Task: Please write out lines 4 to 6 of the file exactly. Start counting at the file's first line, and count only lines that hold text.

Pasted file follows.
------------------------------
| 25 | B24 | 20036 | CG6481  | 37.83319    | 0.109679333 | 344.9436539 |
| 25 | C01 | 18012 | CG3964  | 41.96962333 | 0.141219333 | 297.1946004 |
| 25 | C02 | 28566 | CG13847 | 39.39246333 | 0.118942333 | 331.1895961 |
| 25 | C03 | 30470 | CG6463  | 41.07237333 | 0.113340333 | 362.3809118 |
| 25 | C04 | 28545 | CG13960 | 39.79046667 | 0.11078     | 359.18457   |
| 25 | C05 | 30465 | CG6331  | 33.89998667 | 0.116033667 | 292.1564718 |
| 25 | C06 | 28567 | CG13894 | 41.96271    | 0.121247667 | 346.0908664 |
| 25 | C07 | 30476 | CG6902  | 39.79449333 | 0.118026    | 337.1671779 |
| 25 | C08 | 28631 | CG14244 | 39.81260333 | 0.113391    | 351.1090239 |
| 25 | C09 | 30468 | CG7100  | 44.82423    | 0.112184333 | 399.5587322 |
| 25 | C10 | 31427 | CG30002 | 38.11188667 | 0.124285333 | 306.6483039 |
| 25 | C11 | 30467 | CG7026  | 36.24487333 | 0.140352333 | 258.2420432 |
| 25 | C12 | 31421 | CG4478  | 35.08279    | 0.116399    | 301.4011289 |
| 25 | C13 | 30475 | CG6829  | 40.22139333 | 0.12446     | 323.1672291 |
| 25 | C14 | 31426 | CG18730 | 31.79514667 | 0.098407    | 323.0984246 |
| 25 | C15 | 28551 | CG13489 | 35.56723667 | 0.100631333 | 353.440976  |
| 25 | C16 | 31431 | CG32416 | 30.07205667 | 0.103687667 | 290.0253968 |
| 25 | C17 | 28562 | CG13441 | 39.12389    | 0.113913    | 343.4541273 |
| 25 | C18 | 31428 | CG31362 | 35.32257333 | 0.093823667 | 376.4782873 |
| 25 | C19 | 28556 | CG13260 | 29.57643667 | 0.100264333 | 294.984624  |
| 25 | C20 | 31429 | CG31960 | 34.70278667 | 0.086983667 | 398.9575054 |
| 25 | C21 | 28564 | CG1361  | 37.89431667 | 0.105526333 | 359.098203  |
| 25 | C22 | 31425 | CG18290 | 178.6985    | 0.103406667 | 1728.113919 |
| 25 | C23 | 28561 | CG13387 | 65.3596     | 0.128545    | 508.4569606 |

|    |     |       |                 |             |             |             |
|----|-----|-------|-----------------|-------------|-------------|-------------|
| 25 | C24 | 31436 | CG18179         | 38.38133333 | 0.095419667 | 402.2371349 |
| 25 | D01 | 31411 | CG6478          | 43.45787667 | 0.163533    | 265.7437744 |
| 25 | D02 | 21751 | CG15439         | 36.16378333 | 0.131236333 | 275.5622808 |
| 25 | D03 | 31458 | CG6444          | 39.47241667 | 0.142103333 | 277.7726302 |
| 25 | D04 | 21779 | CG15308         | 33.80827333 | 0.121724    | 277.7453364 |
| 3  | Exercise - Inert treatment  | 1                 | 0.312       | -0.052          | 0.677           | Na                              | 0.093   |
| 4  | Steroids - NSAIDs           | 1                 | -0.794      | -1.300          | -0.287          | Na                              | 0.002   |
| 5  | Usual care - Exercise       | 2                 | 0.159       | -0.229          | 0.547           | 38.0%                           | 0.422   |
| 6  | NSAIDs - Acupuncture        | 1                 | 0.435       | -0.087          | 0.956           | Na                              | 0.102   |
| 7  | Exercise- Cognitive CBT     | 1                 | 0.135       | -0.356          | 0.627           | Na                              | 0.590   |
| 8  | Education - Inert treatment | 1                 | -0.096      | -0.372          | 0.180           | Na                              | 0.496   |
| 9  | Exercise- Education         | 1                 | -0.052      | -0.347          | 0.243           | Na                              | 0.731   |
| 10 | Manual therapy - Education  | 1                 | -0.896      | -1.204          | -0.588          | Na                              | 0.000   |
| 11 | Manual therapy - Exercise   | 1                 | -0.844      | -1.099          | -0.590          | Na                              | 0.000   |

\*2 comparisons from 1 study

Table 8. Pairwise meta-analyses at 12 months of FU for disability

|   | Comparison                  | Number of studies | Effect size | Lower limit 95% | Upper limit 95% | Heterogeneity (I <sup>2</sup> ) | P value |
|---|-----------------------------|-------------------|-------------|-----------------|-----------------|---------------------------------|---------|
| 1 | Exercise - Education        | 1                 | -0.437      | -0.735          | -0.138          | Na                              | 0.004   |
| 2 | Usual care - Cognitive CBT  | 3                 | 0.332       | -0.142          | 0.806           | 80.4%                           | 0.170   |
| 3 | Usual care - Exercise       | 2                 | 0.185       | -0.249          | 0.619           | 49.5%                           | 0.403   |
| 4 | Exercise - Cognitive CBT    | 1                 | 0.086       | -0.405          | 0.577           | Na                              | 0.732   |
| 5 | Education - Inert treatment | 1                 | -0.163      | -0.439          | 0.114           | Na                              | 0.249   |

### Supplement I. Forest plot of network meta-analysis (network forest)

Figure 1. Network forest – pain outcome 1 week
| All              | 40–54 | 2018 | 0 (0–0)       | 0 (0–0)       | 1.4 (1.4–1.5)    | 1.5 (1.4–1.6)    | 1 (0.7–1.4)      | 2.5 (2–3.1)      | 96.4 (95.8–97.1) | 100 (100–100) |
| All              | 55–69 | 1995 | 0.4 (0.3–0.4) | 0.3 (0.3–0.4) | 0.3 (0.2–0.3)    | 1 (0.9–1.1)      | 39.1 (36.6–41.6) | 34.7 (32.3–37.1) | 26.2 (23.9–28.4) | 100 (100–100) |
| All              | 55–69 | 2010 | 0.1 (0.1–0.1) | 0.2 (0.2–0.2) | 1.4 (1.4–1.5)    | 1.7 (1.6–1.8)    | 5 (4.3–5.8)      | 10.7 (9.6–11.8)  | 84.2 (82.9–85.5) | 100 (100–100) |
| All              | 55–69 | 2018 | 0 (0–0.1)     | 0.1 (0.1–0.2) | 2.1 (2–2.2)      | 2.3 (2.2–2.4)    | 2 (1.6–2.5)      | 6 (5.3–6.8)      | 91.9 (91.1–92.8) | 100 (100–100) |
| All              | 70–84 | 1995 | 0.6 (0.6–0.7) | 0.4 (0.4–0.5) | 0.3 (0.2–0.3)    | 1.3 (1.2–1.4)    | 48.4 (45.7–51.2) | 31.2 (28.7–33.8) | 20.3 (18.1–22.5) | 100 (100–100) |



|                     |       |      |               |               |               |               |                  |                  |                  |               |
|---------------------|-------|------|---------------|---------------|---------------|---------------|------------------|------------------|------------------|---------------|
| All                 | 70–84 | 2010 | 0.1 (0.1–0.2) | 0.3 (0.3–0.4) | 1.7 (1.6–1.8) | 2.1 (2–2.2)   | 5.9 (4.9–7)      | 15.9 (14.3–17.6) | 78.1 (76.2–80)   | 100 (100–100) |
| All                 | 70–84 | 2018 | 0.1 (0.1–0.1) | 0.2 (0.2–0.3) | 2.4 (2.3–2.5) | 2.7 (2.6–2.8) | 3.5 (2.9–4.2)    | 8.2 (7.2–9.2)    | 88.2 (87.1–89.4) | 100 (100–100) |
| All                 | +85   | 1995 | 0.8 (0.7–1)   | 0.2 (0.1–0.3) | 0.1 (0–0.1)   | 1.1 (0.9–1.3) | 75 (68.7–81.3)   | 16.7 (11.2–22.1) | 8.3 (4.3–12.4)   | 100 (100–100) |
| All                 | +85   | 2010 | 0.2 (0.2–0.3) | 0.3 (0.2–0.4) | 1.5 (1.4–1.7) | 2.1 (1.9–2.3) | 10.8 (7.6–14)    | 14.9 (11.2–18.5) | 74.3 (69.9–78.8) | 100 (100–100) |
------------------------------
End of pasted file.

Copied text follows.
| 25 | C03 | 30470 | CG6463  | 41.07237333 | 0.113340333 | 362.3809118 |
| 25 | C04 | 28545 | CG13960 | 39.79046667 | 0.11078     | 359.18457   |
| 25 | C05 | 30465 | CG6331  | 33.89998667 | 0.116033667 | 292.1564718 |